And Now For Something Completely Different … And Contagious

PICTURES: Philip Kuhn

Boy Taryn Bennet and Ninja James Cairns
Boy Taryn Bennett and Ninja James Cairns.

 

DIANE DE BEER

 

THE BOY WHO CRIED NINJA by Alex Latimer

ADAPTED AND DIRECTED BY Jenine Collocott

CAST: Taryn Bennett, James Cairns and Toni Morkel

DESIGNED: Alistair Findlay

ORIGINAL SCORE: Sue Grealy

PUPPETS: Andy Jones

 AGE APPROPRIATE: 4 to 10 years

 UNTIL: December 15 @2pm, Tuesday and Wednesday @2pm; Thursday and Friday @11am; and Saturday @11am and 2pm

 VENUE: Sandton’s Auto and General Theatre on the Square

 

As someone who doesn’t experience children’s theatre often, it was as much fun to witness the young audience as it was to go with the flow of what this adventure (children’s theatre and performance) was all about.

But once again, it reaffirmed the power of live theatre and how storytelling has many purposes but perhaps most importantly, to activate creative minds and challenge those, especially the young, who are so willing to participate – with great enthusiasm.

Writing about it from an adult point of view is senseless because we are not the audience and those little voices are very quick to let you know exactly where they’re at and what the story means to them – and that’s where the fun lies for the adults.

Boy director Jenine Collocott, Taryn Bennett, Toni Morkel and James Cairns
The team: director Jenine Collocott with actors Taryn Bennett, Toni Morkel and James Cairns.

Collocott whose adult theatre often has that magical almost childlike quality (think The Snow Goose) has surrounded herself with like-minded actors (part of Contagious Theatre) who are happy at play whoever their audience and happily adopt an over-the-top story with a lesson gently sliding through while embracing the kids in all kinds of ways with hoopla and hilarity.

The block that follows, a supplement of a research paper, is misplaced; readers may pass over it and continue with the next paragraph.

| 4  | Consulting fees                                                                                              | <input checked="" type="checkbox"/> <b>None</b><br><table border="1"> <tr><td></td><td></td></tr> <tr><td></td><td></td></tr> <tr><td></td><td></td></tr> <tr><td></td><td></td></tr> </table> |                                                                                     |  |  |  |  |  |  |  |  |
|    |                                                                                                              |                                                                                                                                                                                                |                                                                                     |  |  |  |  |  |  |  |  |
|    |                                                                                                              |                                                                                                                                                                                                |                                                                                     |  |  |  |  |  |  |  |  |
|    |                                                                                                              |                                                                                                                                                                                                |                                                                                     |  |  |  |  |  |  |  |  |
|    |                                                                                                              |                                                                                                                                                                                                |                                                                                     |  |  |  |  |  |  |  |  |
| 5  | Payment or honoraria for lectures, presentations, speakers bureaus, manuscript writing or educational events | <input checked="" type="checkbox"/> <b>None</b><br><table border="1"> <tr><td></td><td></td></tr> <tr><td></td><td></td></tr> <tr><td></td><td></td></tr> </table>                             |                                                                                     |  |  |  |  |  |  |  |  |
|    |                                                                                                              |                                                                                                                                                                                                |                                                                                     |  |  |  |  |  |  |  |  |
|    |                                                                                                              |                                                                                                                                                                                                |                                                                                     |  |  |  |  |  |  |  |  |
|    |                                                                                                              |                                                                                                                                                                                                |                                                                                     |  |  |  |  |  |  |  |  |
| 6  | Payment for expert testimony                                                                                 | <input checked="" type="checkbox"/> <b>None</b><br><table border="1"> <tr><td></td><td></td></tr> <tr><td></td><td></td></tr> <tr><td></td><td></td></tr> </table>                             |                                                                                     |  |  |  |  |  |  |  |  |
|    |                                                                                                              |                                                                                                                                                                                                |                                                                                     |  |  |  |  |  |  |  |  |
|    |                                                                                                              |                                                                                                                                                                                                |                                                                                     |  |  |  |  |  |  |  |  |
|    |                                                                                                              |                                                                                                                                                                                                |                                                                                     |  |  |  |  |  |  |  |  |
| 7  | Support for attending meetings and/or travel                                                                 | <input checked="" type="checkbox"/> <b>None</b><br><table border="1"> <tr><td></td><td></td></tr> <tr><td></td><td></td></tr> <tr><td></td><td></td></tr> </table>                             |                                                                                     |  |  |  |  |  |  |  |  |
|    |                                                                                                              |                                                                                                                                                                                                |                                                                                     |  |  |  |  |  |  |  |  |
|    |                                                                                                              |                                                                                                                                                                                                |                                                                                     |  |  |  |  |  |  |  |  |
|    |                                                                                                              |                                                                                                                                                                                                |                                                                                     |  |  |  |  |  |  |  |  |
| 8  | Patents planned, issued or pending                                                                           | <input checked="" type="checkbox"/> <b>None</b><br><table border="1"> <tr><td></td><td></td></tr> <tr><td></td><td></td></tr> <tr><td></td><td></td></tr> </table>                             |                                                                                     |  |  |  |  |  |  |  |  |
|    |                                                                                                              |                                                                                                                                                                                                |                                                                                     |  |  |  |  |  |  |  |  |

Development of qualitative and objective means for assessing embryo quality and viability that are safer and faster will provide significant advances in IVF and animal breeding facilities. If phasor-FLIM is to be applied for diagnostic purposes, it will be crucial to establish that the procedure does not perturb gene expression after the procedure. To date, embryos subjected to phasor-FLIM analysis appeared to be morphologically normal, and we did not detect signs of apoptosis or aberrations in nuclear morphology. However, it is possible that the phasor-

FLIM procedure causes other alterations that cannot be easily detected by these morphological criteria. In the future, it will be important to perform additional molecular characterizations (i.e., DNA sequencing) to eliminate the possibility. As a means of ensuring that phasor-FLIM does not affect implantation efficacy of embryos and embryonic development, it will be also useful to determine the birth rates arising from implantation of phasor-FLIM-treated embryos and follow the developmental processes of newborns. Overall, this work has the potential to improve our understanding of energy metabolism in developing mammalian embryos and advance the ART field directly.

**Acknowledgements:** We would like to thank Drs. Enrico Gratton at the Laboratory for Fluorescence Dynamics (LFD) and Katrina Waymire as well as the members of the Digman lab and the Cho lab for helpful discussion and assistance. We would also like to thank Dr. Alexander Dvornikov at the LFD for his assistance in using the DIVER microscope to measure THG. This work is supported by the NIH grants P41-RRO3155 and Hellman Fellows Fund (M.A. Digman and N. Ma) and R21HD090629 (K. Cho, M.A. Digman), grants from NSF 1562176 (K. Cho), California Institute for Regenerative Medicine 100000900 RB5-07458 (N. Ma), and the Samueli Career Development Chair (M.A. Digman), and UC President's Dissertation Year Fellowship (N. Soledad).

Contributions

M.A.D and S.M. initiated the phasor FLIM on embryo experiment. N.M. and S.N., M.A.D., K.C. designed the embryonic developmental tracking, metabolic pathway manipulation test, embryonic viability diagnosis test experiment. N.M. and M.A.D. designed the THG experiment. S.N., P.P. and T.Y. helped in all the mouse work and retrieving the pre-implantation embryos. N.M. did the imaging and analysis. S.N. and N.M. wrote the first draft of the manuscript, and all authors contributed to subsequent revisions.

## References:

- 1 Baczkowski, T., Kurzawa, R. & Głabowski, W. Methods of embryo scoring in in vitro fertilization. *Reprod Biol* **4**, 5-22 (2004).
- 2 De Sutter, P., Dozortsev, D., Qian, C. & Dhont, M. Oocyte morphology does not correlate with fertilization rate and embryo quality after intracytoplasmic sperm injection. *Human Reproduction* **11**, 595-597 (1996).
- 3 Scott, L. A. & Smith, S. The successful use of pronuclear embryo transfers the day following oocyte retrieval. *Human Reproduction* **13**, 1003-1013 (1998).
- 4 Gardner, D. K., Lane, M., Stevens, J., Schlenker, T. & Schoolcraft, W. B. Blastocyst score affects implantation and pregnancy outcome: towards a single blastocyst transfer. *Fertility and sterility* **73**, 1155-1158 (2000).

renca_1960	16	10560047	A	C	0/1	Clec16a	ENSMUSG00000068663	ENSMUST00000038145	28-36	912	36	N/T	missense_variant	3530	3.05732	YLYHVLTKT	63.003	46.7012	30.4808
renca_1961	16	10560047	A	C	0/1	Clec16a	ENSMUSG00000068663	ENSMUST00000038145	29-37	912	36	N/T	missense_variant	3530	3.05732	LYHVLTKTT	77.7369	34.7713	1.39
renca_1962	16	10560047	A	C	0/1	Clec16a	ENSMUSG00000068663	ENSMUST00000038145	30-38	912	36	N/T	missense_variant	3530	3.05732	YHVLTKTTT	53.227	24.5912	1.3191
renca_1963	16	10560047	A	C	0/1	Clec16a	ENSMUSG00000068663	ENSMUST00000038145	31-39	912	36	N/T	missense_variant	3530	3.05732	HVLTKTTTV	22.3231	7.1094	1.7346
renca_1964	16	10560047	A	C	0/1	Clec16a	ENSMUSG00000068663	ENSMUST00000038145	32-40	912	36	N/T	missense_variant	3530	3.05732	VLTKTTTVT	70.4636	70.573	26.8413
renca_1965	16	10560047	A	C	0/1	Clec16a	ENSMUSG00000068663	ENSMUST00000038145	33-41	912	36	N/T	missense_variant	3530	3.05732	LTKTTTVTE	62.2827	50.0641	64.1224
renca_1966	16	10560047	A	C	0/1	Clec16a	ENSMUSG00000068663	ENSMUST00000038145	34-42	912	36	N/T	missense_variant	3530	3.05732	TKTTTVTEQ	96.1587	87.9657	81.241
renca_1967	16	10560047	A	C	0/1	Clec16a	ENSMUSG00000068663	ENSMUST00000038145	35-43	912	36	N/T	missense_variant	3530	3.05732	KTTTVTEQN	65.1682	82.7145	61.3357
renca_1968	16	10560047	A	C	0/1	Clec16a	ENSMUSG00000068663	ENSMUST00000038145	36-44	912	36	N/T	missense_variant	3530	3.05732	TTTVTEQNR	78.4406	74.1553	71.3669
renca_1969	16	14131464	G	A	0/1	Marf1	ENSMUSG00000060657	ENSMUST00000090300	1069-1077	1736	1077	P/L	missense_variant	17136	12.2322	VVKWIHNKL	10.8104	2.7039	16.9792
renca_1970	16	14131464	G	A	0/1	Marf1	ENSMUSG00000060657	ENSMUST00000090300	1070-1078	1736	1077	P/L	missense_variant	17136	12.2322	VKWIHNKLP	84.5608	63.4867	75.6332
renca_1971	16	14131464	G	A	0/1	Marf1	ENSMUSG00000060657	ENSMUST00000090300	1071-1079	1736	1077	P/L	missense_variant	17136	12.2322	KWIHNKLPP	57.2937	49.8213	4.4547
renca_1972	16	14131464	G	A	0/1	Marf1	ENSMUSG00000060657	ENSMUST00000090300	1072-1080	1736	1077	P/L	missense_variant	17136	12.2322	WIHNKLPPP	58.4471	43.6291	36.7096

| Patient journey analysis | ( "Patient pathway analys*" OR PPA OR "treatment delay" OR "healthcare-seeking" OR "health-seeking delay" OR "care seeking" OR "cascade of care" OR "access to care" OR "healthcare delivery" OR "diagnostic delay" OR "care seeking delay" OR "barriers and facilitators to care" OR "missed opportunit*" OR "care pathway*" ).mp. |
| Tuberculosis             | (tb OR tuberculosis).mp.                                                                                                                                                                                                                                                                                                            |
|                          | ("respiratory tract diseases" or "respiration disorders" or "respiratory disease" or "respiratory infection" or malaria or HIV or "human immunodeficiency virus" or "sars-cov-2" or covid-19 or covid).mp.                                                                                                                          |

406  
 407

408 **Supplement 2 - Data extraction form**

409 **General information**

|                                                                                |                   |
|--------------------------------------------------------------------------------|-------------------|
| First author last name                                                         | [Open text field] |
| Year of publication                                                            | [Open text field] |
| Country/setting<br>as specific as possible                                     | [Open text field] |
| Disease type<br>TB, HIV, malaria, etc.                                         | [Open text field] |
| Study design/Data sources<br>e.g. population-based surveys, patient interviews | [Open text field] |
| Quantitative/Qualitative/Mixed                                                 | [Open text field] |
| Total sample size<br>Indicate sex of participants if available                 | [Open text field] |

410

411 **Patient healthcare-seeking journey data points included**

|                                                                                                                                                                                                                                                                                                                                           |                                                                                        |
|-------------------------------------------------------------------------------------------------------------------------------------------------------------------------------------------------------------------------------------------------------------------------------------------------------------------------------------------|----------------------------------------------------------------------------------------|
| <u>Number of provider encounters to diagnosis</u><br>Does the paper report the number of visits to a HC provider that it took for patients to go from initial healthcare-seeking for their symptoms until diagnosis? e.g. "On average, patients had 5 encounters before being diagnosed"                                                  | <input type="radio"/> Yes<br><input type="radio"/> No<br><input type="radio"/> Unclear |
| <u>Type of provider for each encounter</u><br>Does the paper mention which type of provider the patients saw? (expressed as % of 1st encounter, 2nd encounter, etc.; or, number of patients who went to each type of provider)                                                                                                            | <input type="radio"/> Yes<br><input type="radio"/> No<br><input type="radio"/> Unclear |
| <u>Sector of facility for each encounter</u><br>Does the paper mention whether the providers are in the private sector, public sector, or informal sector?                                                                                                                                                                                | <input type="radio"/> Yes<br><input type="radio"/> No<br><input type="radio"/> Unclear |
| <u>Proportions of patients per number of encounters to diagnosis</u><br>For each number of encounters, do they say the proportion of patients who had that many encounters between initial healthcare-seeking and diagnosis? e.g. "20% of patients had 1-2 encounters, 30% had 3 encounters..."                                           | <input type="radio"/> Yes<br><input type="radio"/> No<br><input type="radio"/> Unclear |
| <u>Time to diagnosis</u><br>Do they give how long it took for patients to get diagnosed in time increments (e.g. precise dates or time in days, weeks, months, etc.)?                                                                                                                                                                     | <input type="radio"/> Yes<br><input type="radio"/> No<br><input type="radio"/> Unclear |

It’s not always easy to achieve and as one mother pointed out, it is the originality which also enhances the experience with too many predictable stories repeated year after year from more established companies.

That’s also understandable in a cash strapped profession with audiences always changing (as they grow out of children’s theatre), but they are there for a few years and this is a great stage to create and establish audiences for the future and really grab their attention while exploiting the pay-off of live performance.

Collocott has also chosen a great hook, a story that many children will know, and it is further charged with a Ninja as inspiration and a twist on the tale of a boy who cries wolf. This time there might be some truth in the saying that fact is often stranger than fiction.

Boy Taryn Bennett with one of the puppets
Boy Taryn Bennett with one of the puppets.

She has further loaded the dice with a cast who we know can easily lead adults up the garden path – and that’s yet another bonus for adults, while children will be introduced to performance by real genius with Cairns, Morkel and Bennett all taking turns to go on the charm offensive and win young hearts or just give you a slightly silly scare.

It was lovely to listen and learn and to wallow in all that exuberance and enthusiasm as the young boy worked hard to engage and entertain his willing yet demanding participants. They were well rewarded with a production which was cleverly produced probably on a budget but with imaginative visual flair adding all the bells and whistles.

Holidays and children are all about juggling time purposely with enough escapism and entertainment to keep everyone happy. This one is a no-brainer. It’s not run of the mill and easily accessible with parking close by or perhaps even better, Gautrain in walking distance which further enhances the adventure.

Booking at Computicket where you can also confirm times.